Kate Herbert is theatre reviewer, Herald Sun, Melbourne & formerly for Melbourne Times. Kate is a director; produced playwright (21 plays). Scripts pub. Currency Press. She worked as actor, comedian, improviser & teacher of Acting, Improvisation & Playwriting. Kate was Head of Drama/Teacher, NMIT; Former Coordinator of Prof. Writing/ Editing, Swinburne Uni. Read reviews here or: www.heraldsun.com.au/entertainment/arts. NB Explorer Browser doesn't always work on blog.
Wednesday, 11 October 2017
American Song, Oct 8, 2017 ****
Written by Joanna Murray-Smith, by Red
Stitch Actors’ Theatre
At Red Stitch Actors’ Theatre, until Nov 5, 2017
Reviewer: Kate Herbert
Stars:**** Review also published in Herald Sun Arts in print on Thurs Oct 12, 2017, and online (date TBC). KH
Parents may relate to a father’s sentimental reminiscences about holding
his baby son tucked safely inside his coat on a winter’s day.
They may also feel the aching familiarity of that same father, Andy’s (Joe
Petruzzi) pain and alienation when that baby grows into his silent, secretive
and surly teenage son, Robbie.
Petruzzi gives a sensitive, nuanced but muscular performance as Andy in American Song, Joanna Murray-Smith’s 90 minute, solo play that was commissioned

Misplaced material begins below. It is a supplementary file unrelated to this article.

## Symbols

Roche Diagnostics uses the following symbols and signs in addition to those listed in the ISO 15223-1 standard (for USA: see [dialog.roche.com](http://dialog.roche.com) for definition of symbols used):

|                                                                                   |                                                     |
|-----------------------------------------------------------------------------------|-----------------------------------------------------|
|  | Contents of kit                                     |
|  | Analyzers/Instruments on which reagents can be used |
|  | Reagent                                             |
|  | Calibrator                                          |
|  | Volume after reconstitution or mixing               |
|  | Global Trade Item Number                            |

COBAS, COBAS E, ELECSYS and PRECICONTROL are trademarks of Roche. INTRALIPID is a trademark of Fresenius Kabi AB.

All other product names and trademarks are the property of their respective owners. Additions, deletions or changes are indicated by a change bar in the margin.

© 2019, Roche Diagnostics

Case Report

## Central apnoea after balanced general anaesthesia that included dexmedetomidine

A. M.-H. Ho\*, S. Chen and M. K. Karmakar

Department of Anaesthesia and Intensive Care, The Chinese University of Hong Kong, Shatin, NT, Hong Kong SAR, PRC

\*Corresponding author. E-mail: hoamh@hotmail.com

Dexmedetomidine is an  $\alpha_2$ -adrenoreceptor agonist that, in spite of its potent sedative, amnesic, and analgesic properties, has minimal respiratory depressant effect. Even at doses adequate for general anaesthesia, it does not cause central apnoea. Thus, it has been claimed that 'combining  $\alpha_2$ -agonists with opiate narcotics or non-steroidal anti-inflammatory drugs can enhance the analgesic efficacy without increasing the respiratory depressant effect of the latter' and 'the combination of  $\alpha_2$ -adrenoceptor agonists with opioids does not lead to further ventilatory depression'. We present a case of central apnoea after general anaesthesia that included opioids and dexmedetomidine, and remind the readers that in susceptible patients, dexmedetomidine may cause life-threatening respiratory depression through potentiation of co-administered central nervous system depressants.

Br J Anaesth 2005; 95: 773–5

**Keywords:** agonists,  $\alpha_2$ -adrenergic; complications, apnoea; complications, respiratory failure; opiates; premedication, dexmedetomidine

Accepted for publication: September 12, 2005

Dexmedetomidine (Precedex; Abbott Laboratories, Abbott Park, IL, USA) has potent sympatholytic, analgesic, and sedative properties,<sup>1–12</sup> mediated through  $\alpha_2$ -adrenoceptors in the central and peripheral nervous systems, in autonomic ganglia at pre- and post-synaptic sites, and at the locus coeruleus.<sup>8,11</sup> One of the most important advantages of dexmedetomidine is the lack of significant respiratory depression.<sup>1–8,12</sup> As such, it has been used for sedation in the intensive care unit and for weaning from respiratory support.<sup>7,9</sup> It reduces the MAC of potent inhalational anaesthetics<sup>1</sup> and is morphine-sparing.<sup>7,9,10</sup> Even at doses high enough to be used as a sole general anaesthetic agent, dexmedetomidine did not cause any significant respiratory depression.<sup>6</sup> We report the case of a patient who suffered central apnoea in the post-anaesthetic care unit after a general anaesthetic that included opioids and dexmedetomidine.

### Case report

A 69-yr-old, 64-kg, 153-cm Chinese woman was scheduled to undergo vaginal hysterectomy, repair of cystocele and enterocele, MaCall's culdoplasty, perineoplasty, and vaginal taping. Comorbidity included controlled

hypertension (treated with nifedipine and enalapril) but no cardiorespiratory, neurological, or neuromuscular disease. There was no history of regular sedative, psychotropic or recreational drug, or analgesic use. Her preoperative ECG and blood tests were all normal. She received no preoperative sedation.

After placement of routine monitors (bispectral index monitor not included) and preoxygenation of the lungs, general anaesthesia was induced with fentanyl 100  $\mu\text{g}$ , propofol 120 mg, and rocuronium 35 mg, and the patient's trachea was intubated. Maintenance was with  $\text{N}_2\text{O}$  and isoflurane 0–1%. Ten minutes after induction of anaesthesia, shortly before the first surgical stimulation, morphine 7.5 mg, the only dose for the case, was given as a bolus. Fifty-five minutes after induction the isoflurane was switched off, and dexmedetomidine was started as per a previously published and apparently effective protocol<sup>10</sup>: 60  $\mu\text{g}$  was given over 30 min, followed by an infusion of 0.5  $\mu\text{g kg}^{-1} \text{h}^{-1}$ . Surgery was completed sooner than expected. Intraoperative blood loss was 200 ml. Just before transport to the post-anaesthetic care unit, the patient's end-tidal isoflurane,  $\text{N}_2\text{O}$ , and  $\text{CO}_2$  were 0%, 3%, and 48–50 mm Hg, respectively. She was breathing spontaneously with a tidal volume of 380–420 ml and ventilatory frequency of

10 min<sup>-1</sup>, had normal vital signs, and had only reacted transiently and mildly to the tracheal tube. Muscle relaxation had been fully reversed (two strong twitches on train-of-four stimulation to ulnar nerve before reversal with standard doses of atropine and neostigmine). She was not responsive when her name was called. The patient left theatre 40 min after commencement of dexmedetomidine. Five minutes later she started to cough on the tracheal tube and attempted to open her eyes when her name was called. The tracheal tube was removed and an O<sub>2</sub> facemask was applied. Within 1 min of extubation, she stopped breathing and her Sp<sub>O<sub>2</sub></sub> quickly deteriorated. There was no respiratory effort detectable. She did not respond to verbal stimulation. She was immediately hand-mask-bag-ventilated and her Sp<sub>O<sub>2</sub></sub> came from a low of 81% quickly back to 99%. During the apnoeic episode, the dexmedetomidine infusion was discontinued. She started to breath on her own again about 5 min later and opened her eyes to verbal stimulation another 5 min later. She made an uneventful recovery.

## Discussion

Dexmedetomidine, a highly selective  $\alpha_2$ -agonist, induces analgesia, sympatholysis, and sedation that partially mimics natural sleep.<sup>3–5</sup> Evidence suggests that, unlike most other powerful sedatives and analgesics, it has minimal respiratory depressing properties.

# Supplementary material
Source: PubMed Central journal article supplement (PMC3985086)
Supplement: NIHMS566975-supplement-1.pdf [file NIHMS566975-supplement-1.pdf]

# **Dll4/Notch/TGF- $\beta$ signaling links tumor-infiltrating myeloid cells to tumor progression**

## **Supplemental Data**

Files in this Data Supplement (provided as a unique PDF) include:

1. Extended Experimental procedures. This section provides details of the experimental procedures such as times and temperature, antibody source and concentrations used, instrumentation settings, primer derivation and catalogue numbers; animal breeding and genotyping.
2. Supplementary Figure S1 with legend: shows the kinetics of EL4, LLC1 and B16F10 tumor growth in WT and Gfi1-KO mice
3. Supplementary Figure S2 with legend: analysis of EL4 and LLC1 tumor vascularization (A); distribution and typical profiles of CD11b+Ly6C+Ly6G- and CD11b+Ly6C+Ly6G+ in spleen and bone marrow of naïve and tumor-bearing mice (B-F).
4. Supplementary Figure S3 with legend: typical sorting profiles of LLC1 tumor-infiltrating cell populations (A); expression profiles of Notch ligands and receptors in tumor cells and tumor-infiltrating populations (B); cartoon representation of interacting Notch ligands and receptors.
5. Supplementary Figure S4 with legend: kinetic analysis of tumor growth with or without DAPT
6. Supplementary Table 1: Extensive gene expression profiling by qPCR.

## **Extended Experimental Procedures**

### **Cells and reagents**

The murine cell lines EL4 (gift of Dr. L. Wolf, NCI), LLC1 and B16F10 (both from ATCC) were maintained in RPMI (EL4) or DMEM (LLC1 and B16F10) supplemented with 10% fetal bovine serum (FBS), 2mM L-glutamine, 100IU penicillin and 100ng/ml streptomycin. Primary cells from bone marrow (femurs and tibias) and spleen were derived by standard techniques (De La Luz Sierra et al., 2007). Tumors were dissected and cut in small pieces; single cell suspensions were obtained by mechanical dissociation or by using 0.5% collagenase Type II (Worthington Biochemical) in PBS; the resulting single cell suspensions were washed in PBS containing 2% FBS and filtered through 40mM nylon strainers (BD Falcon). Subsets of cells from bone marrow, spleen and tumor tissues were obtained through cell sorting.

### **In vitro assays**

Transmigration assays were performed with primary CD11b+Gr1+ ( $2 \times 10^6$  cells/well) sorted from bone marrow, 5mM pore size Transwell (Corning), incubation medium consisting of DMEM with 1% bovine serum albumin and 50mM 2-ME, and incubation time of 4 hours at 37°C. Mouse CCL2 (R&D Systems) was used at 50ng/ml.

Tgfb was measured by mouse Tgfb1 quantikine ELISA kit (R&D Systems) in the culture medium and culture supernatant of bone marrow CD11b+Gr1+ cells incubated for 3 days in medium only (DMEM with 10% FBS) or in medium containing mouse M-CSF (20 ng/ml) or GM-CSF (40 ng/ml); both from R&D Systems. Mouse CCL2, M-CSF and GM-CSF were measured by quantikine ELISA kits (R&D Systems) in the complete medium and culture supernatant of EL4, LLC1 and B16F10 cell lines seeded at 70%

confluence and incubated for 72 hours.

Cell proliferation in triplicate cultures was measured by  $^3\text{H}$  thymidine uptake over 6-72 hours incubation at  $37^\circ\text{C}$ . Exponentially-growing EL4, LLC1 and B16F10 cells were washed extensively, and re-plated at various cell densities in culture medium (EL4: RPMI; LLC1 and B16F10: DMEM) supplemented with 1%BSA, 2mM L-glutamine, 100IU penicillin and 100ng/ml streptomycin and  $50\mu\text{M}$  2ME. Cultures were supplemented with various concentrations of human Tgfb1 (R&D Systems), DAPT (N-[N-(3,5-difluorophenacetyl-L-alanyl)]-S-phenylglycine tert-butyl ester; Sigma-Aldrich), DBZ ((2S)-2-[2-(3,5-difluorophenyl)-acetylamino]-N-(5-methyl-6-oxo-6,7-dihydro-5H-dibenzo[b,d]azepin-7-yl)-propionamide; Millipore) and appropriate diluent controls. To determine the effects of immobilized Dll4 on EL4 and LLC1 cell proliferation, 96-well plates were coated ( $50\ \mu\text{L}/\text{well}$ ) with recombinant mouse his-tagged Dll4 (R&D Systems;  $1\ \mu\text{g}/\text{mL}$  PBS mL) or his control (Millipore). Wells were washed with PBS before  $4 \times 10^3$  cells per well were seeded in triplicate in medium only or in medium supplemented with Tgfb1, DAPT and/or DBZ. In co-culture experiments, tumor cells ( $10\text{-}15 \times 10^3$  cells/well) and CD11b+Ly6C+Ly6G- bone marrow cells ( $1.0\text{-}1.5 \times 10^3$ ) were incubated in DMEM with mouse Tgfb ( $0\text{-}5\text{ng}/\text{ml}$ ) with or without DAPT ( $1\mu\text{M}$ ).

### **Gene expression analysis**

for an America audience.
Tom Healey’s assured and well-paced direction lends the play emotional and
dynamic energy as Andy builds a real, stone wall (designer, Darryl Cordell) while
he weaves his tale of hope and joy that turns to grief and horror.
Murray-Smith’s dialogue is conversational and lyrical,
philosophical and natural, while Petruzzi is convincing and compelling as Andy,
playing him with passion and sympathy.
successfully creates a dramatic structure
that initially lulls us into a false sense of ‘happy families’, then sows the
seeds of doubt that grow like weeds into genuine fears until Andy reveals one
final, horrific incident that changed his life, and the lives of others,
Guns are far too easy to access in America, gun crime is rife and, in a
week when so many died in Las Vegas, this play confronts the human loss that is
the result of Americans’ unholy and dangerous ‘right to bear arms’.
Healey’s intelligent and deceptively simple production incorporates
evocative lighting (Bronwen Pringle) and a subtle soundscape (Patrick Cronin)
that build atmosphere as the tension escalates in Andy’s story.
Through Andy’s musings, Murray-Smith asks where the simpler, more
humanist America society that was characterised in Walt Whitman’s famous poem,
Leaves of Grass, has gone.
This week, the world is once more asking the same question.